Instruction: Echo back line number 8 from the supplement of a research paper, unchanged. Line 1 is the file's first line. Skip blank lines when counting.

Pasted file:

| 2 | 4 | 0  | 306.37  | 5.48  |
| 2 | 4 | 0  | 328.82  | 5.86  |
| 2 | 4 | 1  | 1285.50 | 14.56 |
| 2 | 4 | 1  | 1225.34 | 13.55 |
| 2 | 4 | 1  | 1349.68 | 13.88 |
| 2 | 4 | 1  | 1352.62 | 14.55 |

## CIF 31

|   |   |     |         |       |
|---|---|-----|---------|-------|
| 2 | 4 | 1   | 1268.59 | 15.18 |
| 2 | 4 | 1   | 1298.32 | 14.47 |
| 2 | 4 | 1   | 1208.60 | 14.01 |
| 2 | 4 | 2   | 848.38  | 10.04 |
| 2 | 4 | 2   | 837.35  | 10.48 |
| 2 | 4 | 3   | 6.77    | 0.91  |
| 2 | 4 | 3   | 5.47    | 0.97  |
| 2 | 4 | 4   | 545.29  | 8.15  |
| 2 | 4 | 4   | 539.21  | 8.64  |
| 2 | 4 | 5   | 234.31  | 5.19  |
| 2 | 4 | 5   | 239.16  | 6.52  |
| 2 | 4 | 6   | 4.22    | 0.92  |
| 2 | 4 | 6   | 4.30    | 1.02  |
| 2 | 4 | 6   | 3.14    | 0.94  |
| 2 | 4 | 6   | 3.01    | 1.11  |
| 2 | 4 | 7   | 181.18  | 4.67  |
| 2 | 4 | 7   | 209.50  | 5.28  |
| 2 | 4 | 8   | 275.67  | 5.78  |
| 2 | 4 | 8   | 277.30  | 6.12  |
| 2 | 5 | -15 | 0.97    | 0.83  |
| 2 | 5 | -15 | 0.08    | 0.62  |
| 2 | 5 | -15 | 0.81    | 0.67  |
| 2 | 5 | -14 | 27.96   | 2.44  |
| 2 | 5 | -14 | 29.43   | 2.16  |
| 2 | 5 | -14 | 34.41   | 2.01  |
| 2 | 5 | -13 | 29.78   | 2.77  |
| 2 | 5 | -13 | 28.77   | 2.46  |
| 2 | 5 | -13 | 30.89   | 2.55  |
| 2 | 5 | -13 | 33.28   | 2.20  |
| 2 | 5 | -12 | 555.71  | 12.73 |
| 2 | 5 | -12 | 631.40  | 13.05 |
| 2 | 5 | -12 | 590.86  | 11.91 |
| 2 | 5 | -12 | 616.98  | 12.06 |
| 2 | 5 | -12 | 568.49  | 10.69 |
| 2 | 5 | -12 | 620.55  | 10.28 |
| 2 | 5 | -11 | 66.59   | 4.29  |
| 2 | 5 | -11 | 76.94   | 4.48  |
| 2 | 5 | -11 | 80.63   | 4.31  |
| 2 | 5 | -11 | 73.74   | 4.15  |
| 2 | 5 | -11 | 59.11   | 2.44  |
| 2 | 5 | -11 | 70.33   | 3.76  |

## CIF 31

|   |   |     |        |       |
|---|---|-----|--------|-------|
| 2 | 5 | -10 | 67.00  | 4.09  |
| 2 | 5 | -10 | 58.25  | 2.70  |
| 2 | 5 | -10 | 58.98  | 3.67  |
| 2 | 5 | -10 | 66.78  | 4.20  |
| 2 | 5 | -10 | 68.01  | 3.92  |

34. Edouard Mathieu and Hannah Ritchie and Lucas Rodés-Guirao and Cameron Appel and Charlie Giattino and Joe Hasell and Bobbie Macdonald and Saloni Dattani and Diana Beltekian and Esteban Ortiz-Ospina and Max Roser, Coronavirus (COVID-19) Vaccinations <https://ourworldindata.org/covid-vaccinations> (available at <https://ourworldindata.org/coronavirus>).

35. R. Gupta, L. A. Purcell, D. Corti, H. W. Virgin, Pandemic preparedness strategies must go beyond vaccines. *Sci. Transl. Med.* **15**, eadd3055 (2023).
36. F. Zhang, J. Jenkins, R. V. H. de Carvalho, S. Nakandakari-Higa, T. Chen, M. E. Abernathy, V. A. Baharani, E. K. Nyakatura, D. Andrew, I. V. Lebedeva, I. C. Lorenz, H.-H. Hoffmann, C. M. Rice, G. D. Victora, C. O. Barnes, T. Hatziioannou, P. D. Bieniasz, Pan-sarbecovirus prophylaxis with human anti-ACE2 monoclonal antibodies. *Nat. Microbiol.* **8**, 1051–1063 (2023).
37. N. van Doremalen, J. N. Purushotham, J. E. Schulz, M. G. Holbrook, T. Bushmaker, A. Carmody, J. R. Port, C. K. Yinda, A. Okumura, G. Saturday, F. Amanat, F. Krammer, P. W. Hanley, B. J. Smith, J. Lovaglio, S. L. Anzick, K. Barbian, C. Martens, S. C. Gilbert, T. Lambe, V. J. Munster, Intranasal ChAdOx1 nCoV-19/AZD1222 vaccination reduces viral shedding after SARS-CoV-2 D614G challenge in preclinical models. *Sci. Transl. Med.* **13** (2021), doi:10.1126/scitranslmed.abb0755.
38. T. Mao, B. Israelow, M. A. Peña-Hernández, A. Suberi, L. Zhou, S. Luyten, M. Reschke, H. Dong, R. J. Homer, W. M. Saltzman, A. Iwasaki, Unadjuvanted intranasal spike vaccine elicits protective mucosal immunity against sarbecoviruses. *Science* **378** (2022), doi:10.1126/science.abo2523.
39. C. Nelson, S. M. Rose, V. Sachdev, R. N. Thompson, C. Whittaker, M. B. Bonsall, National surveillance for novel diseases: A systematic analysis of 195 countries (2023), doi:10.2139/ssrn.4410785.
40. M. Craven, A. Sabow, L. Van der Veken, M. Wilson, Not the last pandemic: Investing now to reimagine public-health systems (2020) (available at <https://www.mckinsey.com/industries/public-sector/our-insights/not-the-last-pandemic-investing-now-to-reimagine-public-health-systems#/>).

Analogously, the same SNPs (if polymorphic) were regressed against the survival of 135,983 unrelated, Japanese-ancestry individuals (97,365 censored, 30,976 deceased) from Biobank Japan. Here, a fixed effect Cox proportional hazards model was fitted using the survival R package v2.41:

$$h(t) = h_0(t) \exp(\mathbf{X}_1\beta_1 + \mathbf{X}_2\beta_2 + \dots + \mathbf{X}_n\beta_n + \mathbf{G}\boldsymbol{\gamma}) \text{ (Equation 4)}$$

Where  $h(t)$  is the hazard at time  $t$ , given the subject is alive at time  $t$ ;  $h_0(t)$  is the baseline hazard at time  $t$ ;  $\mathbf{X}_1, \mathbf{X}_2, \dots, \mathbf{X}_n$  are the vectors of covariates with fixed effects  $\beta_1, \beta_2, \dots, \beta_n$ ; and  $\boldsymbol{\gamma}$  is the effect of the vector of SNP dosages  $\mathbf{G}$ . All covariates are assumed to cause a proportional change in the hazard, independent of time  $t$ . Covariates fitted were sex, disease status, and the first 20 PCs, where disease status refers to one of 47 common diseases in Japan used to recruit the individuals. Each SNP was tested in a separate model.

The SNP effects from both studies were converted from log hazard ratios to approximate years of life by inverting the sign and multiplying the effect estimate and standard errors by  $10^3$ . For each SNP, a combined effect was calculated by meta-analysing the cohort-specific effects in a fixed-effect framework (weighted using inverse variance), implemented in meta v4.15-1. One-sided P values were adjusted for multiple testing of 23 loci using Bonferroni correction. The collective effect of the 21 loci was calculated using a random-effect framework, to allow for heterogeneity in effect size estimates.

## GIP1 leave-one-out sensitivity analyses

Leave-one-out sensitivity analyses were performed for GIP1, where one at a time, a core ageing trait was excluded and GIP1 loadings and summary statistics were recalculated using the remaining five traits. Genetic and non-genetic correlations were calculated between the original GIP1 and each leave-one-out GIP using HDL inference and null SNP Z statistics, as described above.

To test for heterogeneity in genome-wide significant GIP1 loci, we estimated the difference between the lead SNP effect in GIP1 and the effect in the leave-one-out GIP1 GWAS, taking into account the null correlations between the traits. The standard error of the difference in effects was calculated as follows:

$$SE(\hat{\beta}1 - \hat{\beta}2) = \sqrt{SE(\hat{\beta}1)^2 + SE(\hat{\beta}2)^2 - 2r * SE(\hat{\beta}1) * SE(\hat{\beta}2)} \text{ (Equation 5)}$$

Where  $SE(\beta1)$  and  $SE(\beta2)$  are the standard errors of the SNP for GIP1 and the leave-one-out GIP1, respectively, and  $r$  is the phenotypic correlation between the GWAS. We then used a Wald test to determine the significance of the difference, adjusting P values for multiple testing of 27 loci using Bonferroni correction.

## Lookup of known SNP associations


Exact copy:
|   |   |     |         |       |